Wiring & Test

You can easily wire this breakout to any microcontroller, we'll be using an Arduino. For another kind of microcontroller, as long as you have 4 available pins it is possible to 'bit-bang SPI' or you can use two I2C pins, but usually those pins are fixed in hardware. Just check out the library, then port the code.

I2C Wiring

Use this wiring if you want to connect via I2C interface

  • Connect Vin to the power supply, 3-5V is fine. Use the same voltage that the microcontroller logic is based off of. For most Arduinos, that is 5V
  • Connect GND to common power/data ground
  • Connect the SCL pin to the I2C clock SCL pin on your Arduino. On an UNO & '328 based Arduino, this is also known as A5, on a Mega it is also known as digital 21 and on a Leonardo/Micro, digital 3
  • Connect the SDA pin to the I2C data SDA pin on your Arduino. On an UNO & '328 based Arduino, this is also known as A4, on a Mega it is also known as digital 20 and on a Leonardo/Micro, digital 2

By default, the i2c address is 0x77.  If you add a jumper from SDO to GND, the address will change to 0x76.

SPI Wiring

Since this is a SPI-capable sensor, we can use hardware or 'software' SPI. To make wiring identical on all Arduinos, we'll begin with 'software' SPI. The following pins should be used:

  • Connect Vin to the power supply, 3V or 5V is fine. Use the same voltage that the microcontroller logic is based off of. For most Arduinos, that is 5V
  • Connect GND to common power/data ground
  • Connect the SCK pin to Digital #13 but any pin can be used later
  • Connect the SDO pin to Digital #12 but any pin can be used later
  • Connect the SDI pin to Digital #11 but any pin can be used later
  • Connect the CS pin Digital #10 but any pin can be used later

Later on, once we get it working, we can adjust the library to use hardware SPI if you desire, or change the pins to other

Download Adafruit_BME280 library

To begin reading sensor data, you will need to download Adafruit_BME280 from our github repository. You can do that by visiting the github repo and manually downloading or, easier, just click this button to download the zip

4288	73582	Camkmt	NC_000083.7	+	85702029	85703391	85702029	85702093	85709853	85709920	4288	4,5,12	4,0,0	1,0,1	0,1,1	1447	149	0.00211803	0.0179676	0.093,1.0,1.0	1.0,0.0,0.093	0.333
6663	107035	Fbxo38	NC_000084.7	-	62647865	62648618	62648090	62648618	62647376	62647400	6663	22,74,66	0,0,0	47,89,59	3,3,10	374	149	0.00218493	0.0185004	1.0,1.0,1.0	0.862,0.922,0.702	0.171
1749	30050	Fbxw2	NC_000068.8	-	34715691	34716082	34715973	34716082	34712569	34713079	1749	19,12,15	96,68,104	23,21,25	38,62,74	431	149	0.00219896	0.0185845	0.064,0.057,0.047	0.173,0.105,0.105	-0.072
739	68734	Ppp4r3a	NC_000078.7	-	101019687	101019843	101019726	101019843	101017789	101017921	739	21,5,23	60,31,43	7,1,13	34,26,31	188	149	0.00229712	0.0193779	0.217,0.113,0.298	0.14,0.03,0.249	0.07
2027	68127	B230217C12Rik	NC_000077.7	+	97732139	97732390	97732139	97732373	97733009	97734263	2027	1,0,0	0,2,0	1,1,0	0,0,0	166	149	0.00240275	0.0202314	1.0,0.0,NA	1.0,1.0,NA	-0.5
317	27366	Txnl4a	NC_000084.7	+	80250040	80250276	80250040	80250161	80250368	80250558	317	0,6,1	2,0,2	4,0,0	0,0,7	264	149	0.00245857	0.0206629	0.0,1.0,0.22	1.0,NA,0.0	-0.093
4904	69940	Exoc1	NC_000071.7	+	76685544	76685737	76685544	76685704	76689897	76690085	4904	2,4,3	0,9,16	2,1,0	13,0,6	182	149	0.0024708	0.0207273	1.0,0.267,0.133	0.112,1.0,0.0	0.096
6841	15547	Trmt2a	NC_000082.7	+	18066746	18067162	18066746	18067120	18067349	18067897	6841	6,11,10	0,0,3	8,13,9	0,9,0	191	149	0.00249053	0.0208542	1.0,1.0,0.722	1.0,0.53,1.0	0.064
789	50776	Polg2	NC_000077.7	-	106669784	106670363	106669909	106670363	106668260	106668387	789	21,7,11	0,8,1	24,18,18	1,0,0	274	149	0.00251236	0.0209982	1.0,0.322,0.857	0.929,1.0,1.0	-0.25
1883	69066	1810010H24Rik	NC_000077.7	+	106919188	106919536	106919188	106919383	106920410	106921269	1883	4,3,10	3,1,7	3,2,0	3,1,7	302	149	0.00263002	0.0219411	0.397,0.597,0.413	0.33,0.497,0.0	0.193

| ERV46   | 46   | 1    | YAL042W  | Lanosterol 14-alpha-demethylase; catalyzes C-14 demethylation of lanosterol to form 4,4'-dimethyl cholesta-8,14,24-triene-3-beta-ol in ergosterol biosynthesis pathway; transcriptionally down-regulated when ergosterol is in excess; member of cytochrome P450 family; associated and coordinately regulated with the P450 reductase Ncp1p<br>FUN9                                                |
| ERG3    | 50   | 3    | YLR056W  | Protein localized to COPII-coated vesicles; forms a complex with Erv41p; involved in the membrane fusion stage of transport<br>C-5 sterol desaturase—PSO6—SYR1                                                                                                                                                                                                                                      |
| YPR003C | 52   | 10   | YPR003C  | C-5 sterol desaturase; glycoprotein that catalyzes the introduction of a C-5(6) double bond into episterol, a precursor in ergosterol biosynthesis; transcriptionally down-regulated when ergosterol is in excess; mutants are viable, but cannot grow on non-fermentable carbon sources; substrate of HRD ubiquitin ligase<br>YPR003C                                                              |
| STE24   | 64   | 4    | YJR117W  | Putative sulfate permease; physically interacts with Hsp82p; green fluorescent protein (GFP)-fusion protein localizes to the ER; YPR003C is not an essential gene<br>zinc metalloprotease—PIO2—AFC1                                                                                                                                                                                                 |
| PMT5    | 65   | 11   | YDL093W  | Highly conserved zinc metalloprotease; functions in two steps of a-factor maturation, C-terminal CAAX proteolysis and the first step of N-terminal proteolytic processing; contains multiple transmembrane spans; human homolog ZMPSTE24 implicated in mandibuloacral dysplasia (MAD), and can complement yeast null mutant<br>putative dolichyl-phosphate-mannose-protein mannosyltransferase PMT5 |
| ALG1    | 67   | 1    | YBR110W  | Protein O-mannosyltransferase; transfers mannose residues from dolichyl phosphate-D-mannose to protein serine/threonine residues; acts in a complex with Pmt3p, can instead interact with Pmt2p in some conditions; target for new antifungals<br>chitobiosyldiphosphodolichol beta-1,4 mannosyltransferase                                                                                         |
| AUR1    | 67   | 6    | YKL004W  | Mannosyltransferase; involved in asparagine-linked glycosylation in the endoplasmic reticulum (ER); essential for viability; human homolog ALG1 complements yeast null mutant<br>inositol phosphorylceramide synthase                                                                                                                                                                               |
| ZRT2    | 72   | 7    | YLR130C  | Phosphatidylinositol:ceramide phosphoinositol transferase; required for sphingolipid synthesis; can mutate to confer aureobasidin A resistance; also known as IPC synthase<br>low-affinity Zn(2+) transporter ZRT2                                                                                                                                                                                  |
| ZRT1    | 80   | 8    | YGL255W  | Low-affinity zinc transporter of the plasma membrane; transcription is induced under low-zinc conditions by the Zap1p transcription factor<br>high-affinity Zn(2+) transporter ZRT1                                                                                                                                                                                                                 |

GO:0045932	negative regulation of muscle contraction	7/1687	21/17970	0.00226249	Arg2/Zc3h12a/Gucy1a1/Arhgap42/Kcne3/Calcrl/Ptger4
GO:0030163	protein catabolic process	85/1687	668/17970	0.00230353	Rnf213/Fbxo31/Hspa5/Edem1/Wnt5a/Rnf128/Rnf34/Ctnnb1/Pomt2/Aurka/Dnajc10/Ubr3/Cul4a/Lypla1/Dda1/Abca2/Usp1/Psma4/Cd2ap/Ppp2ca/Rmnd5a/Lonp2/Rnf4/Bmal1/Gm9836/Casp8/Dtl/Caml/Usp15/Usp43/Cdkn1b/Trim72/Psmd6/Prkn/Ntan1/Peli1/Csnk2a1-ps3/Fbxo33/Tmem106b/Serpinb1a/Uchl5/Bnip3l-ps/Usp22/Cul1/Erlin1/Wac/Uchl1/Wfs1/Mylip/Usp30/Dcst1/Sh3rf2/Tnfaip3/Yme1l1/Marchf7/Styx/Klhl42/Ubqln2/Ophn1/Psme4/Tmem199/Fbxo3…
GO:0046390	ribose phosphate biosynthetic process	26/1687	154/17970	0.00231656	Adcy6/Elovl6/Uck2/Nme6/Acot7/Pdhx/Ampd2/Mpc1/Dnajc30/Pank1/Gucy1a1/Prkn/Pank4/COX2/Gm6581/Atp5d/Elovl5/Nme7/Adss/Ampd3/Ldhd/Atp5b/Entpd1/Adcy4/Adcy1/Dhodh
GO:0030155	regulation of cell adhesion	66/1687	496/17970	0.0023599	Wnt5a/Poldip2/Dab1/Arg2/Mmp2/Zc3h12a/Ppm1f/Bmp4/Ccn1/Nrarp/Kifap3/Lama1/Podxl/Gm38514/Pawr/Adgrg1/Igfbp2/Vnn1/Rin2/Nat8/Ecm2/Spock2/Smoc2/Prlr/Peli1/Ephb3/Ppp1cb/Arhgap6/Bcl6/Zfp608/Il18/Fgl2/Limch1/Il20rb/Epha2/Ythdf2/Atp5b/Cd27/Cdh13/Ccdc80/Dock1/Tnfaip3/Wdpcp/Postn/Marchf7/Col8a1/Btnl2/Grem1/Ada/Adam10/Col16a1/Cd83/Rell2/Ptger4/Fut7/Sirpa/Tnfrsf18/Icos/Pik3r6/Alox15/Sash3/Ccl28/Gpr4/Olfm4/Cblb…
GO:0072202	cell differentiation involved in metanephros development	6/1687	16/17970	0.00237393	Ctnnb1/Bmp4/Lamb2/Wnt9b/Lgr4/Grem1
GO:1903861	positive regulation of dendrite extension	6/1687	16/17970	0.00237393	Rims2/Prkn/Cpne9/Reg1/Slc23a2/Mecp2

Rename the uncompressed folder Adafruit_BME280 and check that the Adafruit_BME280 folder contains Adafruit_BME280.cpp and Adafruit_BME280.h

Place the Adafruit_BME280 library folder your arduinosketchfolder/libraries/ folder.
You may need to create the libraries subfolder if its your first library. Restart the IDE.

We also have a great tutorial on Arduino library installation at:
http://learn.adafruit.com/adafruit-all-about-arduino-libraries-install-use

Load Demo

Open up File->Examples->Adafruit_BME280->bmp280test and upload to your Arduino wired up to the sensor

Depending on whether you are using I2C or SPI, change the pin names and comment or uncomment the following lines.

#define BME_SCK 13
#define BME_MISO 12
#define BME_MOSI 11 
#define BME_CS 10

Adafruit_BME280 bme; // I2C
//Adafruit_BME280 bme(BME_CS); // hardware SPI
//Adafruit_BME280 bme(BME_CS, BME_MOSI, BME_MISO,  BME_SCK);

Once uploaded to your Arduino, open up the serial console at 9600 baud speed to see data being printed out

Temperature is calculated in degrees C, you can convert this to F by using the classic F = C * 9/5 + 32 equation.

Pressure is returned in the SI units of Pascals. 100 Pascals = 1 hPa = 1 millibar. Often times barometric pressure is reported in millibar or inches-mercury. For future reference 1 pascal =0.000295333727 inches of mercury, or 1 inch Hg = 3386.39 Pascal. So if you take the pascal value of say 100734 and divide by 3386.39 you'll get 29.72 inches-Hg.

You can also calculate Altitude. However, you can only really do a good accurate job of calculating altitude if you know the hPa pressure at sea level for your location and day! The sensor is quite precise but if you do not have the data updated for the current day then it can be difficult to get more accurate than 10 meters.

Library Reference

You can start out by creating a BME280 object with either software SPI (where all four pins can be any I/O) using

Adafruit_BME280 bme(BME_CS, BME_MOSI, BME_MISO,  BME_SCK);

Or you can use hardware SPI. With hardware SPI you must use the hardware SPI pins for your Arduino - and each arduino type has different pins! Check the SPI reference to see what pins to use.
In this case, you can use any CS pin, but the other three pins are fixed

Adafruit_BME280 bme(BME_CS); // hardware SPI

or I2C using the default I2C bus, no pins are assigned

Adafruit_BME280 bme; // I2C

Once started, you can initialize the sensor with

  if (!bme.begin()) {  
    Serial.println("Could not find a valid BME280 sensor, check wiring!");
    while (1);
  }

begin() will return True if the sensor was found, and False if not. If you get a False value back, check your wiring!


Reading humidity, temperature and pressure is easy, just call:

bme.readTemperature()
bme.readPressure()
bme.readHumidity()

Temperature is always a floating point, in Centigrade. Pressure is a 32 bit integer with the pressure in Pascals. You may need to convert to a different value to match it with your weather report. Humidity is in % Relative Humidity

It's also possible to turn the BME280 into an altimeter. If you know the pressure at sea level, the library can calculate the current barometric pressure into altitude

bmp.readAltitude(seaLevelPressure)

However, you can only really do a good accurate job of calculating altitude if you know the hPa pressure at sea level for your location and day! The sensor is quite precise but if you do not have the data updated for the current day then it can be difficult to get more accurate than 10 meters.

Pass in the current sea level pressure in hPa - so the value will be somewhere around ~1000. You can also test with the generic 1013.25 value.

Last updated on 2017-01-11 at 03.45.53 PM Published on 2015-07-24 at 06.07.39 PM